HELENA — Christopher Lee Gleed of Helena will get a new trial after a ruling Tuesday in which the Montana Supreme Court vacated his conviction for scalding his 3-year-old son.
Gleed was sentenced to 20 years in prison in January 2013 for the crime, but continued to maintain his innocence.
The incident happened May 2, 2012, when prosecutors say the boy was submerged in a bathtub filled with 130-degree water. The boy was taken to a burn center in Salt Lake City, where he spent six weeks.
A jury convicted Gleed on Dec. 19, 2012, after a two-day trial.
Central to the Supreme Court’s decision to grant Gleed a new trial was District Court Judge Jeffrey Sherlock’s ruling during the initial trial not to allow time for Gleed’s expert witness to testify.
The witness, a California doctor named Jerold Kaplan, was prepared to detail how the burns on Gleed’s son were consistent with accidental burning. However, Kaplan was traveling from New Zealand to California at the time the defense wanted him to testify. Sherlock ruled against delaying the trial.
The Montana Supreme Court, in a unanimous decision, ruled that Sherlock abused his discretion as a judge when he denied the continuance and that Kaplan should have been allowed to testify.
“The interests of justice and Gleed’s right to a fair trial necessitated the grant of his motion for continuance for a day and a half in order to allow Dr. Kaplan to testify,” the Supreme Court’s decision said.
The court’s decision cites the record from Wednesday, Dec. 19, the day on which the court denied the continuance, and the day on which the jury convicted Gleed.
“Defense counsel advised, ‘Your Honor, we cannot get our expert here. And so I would request that the Court recess until we can get our expert here, and I suspect that is Friday,’” the record said.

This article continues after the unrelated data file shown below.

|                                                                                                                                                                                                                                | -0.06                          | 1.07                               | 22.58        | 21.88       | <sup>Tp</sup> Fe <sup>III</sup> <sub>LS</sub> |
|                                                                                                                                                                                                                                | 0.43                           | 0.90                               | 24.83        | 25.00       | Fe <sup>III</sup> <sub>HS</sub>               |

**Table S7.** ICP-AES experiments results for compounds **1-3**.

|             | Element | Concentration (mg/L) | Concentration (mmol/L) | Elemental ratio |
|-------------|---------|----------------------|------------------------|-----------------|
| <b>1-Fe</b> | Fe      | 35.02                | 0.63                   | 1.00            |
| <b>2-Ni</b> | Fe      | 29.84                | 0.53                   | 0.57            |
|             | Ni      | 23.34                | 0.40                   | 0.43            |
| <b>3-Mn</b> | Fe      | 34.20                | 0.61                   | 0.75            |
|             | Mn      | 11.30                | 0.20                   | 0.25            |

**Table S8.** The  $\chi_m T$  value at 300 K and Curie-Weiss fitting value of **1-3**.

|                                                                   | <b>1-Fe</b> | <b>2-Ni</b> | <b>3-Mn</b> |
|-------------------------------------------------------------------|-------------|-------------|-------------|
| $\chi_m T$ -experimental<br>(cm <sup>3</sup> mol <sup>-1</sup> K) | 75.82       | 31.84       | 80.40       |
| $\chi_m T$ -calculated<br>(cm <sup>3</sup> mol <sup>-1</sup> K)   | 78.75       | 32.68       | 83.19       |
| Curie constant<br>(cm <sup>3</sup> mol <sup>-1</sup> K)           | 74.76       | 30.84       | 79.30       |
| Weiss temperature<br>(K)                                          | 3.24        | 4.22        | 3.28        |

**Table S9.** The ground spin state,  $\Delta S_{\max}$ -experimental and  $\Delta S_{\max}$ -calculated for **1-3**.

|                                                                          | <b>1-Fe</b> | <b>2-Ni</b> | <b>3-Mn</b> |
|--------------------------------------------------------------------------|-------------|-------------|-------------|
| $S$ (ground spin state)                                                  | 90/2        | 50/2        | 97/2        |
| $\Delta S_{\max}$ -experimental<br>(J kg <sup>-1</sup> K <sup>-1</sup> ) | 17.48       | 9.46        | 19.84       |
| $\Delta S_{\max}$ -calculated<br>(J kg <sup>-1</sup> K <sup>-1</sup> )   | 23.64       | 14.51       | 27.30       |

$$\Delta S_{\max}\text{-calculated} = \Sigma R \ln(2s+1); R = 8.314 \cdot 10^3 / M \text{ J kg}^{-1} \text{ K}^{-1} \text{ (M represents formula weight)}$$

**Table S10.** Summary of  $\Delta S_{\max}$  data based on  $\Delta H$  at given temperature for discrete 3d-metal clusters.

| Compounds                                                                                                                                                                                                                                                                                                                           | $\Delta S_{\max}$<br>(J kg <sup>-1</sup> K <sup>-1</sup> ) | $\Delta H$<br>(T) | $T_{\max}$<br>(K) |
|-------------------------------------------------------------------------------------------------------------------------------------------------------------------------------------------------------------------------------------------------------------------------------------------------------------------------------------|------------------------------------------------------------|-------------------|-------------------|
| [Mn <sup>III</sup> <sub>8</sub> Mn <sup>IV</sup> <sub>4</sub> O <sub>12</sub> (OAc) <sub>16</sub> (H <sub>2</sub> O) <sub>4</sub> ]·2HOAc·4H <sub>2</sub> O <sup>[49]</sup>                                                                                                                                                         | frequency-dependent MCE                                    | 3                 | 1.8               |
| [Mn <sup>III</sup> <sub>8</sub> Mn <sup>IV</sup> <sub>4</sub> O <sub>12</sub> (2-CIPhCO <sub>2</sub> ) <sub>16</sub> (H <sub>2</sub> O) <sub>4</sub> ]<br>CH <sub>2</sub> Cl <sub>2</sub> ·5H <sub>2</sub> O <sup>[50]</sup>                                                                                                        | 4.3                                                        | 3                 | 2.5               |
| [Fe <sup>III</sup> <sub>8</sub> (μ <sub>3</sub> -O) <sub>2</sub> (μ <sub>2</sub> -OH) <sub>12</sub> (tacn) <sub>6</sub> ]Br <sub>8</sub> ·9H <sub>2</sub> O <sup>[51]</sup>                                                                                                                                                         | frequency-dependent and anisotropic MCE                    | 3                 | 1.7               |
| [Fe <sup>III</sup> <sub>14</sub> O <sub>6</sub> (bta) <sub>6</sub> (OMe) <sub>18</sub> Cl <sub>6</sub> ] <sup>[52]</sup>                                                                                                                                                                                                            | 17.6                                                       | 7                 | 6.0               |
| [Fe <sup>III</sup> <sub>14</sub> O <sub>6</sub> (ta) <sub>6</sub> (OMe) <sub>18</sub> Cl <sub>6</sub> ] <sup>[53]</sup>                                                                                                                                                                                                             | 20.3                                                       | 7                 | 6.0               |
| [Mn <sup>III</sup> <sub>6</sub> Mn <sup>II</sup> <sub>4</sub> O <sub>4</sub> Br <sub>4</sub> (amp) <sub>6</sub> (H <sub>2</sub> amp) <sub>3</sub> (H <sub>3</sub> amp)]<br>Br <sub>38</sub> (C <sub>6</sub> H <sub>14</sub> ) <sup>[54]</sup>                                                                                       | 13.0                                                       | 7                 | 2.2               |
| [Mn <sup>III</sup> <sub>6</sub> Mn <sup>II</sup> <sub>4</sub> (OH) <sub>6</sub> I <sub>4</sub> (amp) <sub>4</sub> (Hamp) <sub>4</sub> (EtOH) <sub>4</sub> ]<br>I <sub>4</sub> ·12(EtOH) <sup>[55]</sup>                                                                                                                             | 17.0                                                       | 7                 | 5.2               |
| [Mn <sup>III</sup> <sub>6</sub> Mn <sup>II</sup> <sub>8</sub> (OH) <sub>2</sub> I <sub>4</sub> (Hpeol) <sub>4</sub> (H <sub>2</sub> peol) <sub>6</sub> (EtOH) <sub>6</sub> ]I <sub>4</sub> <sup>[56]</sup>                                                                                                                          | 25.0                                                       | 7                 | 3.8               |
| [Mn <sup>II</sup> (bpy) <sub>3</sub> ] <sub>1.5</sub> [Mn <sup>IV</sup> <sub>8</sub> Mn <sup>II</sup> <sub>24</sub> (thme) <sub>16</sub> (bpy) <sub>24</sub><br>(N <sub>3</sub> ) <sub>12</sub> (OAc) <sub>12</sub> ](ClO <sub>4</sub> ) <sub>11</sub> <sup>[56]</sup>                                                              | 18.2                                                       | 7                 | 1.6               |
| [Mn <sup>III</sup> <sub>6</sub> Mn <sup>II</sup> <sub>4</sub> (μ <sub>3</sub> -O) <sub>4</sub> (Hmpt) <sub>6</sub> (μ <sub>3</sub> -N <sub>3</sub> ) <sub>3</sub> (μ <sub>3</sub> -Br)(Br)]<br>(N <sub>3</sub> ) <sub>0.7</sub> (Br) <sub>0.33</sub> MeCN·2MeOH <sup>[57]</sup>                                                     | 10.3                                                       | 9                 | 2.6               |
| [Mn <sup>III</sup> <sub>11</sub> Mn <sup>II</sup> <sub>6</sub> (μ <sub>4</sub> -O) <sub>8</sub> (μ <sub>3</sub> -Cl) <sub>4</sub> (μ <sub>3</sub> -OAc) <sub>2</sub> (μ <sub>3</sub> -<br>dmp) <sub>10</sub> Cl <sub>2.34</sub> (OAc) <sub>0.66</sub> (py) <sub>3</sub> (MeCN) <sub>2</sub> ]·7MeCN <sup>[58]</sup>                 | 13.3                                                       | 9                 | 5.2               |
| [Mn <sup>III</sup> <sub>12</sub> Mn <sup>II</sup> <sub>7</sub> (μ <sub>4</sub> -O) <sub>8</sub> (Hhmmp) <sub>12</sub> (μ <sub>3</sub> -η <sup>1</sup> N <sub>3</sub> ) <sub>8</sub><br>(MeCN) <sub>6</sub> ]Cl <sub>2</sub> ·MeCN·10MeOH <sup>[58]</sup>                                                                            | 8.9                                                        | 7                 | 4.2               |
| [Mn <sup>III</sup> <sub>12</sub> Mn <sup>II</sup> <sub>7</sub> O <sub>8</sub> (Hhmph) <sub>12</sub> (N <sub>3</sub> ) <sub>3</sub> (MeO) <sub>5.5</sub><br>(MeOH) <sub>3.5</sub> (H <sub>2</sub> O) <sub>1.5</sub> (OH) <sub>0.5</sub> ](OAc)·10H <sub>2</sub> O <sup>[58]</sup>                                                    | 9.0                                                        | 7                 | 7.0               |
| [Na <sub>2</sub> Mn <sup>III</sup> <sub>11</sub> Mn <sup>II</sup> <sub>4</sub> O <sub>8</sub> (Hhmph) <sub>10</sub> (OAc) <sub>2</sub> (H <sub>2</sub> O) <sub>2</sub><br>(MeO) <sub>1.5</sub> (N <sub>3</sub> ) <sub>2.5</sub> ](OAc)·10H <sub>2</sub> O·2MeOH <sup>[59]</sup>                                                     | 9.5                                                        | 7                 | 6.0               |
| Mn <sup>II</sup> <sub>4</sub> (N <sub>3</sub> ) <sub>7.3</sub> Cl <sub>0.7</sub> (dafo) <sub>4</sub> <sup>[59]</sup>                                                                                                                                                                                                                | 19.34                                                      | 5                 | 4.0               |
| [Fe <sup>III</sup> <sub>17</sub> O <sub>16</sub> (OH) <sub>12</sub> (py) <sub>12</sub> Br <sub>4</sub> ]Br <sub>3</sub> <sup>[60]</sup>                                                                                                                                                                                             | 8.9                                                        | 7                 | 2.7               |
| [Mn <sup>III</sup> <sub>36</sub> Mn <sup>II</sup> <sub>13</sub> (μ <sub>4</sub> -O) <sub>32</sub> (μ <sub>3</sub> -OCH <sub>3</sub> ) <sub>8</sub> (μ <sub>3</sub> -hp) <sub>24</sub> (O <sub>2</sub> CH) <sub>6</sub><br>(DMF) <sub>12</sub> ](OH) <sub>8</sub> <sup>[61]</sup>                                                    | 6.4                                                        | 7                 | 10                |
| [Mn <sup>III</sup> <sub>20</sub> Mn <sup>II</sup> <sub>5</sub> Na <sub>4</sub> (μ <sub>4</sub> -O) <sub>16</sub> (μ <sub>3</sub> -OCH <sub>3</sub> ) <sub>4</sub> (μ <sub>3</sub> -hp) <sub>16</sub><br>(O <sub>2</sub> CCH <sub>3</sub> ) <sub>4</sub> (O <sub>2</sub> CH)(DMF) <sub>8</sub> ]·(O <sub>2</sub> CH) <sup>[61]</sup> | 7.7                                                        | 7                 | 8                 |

“The court responded, ‘Okay. I’ll have to deny that. I’m sorry.’ There is no further discussion or explanation of the matter in the record,” the Supreme Court’s decision said.
“Notably absent from the record is any inquiry from the District Court or the County Attorney regarding whether Dr. Kaplan was actually available to testify and what arrangements had been made by the defense counsel to secure his presence at the trial on Friday,” the decision said.
The Supreme Court maintains that Kaplan’s testimony was critical to ensuring that Gleed receive a fair trial, especially because his defense counsel told jury members they would present expert testimony in the trial’s opening arguments.
Also during the trial, the prosecution was able to present expert witnesses who testified the burns on the boy were indeed consistent with child abuse.
“Here, Dr. Kaplan’s testimony was not merely cumulative or of questionable importance — to the contrary, it was critical in establishing Gleed’s defense,” the decision said.
“Consequently, the jury was tasked to deliberate a case that presented an expert testimony as to causation from the State without the opposing expert viewpoint that Dr. Kaplan would have provided,” it said.
At Gleed’s sentencing, Kaplan was quoted by the IR as saying: “They just sentenced an innocent man.”
County Attorney Leo Gallagher, who prosecuted the case, said the defense should have informed the court about the need for a continuance earlier in the proceedings.
“The defense lawyer didn’t bring that up with the court at any of the pretrial hearings and indicated that he would be ready for trial,” he said. “The state was willing to have the expert testify by deposition or video or however they (the defense) wanted to proceed, and the defense was not able to accommodate that.”
Gallagher did not offer any opinions on the Supreme Court’s decision.
The Supreme Court’s decision concluded that the case will go to a new trial.
“We reverse Gleed’s conviction, vacate the District Court’s judgment, and remand this matter for a new trial in a manner consistent with this Opinion,” the decision said.